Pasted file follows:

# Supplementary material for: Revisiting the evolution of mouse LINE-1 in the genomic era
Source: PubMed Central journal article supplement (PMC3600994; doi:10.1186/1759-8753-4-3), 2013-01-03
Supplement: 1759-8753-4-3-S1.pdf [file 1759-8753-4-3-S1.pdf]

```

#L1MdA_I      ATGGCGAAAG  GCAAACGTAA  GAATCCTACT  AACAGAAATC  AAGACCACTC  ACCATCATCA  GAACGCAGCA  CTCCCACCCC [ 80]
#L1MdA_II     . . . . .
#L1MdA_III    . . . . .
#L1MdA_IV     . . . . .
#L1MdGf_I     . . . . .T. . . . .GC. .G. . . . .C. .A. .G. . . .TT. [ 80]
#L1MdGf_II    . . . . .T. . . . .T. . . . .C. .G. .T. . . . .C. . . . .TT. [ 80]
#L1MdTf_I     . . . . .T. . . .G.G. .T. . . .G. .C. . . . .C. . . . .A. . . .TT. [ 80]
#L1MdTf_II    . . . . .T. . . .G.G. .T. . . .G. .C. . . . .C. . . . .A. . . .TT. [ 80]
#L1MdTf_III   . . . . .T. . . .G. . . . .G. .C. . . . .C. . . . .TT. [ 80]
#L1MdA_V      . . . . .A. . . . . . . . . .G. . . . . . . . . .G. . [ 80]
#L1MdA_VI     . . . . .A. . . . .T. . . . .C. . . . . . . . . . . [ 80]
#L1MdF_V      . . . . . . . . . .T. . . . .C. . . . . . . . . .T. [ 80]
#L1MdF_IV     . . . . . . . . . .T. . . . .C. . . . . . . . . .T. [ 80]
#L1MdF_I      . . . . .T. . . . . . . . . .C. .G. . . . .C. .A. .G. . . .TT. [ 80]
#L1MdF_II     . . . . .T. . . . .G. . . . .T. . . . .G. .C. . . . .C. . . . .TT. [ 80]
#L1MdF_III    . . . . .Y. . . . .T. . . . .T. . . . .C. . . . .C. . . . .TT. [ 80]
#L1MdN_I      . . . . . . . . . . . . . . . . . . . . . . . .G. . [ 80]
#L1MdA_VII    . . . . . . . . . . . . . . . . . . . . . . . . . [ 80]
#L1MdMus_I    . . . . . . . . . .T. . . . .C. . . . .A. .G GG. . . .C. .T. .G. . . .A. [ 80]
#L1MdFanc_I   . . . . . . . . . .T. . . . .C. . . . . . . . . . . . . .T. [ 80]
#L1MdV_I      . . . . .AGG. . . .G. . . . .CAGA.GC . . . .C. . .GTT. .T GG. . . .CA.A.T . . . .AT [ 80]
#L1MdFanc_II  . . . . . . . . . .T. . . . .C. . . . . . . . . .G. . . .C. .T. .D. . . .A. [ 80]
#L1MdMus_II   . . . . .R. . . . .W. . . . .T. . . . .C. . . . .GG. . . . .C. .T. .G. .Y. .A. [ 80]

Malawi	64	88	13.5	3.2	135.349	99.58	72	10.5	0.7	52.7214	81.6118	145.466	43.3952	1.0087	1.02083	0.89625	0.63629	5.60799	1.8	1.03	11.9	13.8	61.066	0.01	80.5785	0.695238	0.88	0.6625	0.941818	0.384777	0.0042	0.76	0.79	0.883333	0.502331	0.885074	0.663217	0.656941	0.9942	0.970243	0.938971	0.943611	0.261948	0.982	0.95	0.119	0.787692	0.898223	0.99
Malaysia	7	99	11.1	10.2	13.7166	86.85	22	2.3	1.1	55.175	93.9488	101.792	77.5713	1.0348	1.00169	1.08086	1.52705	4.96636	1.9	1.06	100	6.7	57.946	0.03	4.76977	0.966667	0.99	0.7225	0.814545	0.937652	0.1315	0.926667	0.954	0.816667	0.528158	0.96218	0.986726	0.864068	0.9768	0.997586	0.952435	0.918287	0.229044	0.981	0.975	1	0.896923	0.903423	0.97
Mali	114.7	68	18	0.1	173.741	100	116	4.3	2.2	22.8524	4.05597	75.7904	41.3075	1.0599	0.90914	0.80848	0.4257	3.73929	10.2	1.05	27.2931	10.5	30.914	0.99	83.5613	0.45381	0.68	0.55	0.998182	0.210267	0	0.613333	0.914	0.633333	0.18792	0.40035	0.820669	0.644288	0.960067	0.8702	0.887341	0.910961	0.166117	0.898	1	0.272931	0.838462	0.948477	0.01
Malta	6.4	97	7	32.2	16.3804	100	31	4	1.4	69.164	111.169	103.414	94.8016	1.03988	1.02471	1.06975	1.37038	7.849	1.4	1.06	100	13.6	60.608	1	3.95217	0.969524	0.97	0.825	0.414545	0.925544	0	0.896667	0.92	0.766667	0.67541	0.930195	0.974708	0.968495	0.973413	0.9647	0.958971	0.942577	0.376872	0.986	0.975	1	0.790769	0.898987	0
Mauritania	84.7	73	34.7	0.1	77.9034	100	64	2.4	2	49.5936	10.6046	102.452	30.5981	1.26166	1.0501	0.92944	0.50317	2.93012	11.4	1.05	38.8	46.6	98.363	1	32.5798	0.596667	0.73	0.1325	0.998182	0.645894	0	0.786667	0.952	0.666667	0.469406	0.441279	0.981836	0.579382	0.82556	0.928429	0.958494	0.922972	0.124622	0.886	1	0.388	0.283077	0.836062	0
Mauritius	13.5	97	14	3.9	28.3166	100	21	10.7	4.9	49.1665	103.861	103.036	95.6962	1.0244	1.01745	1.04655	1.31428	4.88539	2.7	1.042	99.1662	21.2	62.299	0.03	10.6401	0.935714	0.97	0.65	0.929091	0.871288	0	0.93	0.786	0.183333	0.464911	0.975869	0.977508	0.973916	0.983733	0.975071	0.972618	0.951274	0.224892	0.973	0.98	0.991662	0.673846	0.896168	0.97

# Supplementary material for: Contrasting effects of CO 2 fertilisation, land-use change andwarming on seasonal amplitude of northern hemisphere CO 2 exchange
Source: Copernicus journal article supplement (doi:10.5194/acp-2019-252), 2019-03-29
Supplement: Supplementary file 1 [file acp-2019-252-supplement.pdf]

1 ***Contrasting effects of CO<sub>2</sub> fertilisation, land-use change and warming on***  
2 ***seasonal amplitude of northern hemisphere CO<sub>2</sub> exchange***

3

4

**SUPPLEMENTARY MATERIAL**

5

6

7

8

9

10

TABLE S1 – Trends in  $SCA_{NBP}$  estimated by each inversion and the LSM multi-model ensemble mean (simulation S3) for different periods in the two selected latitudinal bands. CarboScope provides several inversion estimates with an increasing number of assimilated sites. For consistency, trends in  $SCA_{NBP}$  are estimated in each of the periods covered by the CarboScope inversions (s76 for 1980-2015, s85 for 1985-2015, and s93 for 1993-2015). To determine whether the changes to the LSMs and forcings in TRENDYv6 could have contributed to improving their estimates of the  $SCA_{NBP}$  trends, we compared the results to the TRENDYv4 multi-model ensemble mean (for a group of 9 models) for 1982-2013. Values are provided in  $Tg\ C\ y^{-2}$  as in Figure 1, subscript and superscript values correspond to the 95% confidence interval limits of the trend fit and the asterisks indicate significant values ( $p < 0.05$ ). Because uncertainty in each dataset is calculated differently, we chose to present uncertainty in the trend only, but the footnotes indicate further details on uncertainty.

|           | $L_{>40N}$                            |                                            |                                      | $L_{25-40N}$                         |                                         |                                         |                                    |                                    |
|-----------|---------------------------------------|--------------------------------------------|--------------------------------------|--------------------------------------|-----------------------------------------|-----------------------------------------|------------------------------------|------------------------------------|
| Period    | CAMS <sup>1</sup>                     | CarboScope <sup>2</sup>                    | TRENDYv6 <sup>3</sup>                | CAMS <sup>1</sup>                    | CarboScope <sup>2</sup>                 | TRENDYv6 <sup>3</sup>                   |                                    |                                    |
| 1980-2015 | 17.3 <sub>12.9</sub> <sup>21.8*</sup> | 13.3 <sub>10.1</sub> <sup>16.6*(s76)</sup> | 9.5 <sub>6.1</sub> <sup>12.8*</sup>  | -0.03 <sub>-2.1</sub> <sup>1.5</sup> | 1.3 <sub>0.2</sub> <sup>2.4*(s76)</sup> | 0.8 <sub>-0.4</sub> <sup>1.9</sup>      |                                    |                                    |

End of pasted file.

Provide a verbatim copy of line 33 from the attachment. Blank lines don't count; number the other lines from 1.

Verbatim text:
Mauritius	13.5	97	14	3.9	28.3166	100	21	10.7	4.9	49.1665	103.861	103.036	95.6962	1.0244	1.01745	1.04655	1.31428	4.88539	2.7	1.042	99.1662	21.2	62.299	0.03	10.6401	0.935714	0.97	0.65	0.929091	0.871288	0	0.93	0.786	0.183333	0.464911	0.975869	0.977508	0.973916	0.983733	0.975071	0.972618	0.951274	0.224892	0.973	0.98	0.991662	0.673846	0.896168	0.97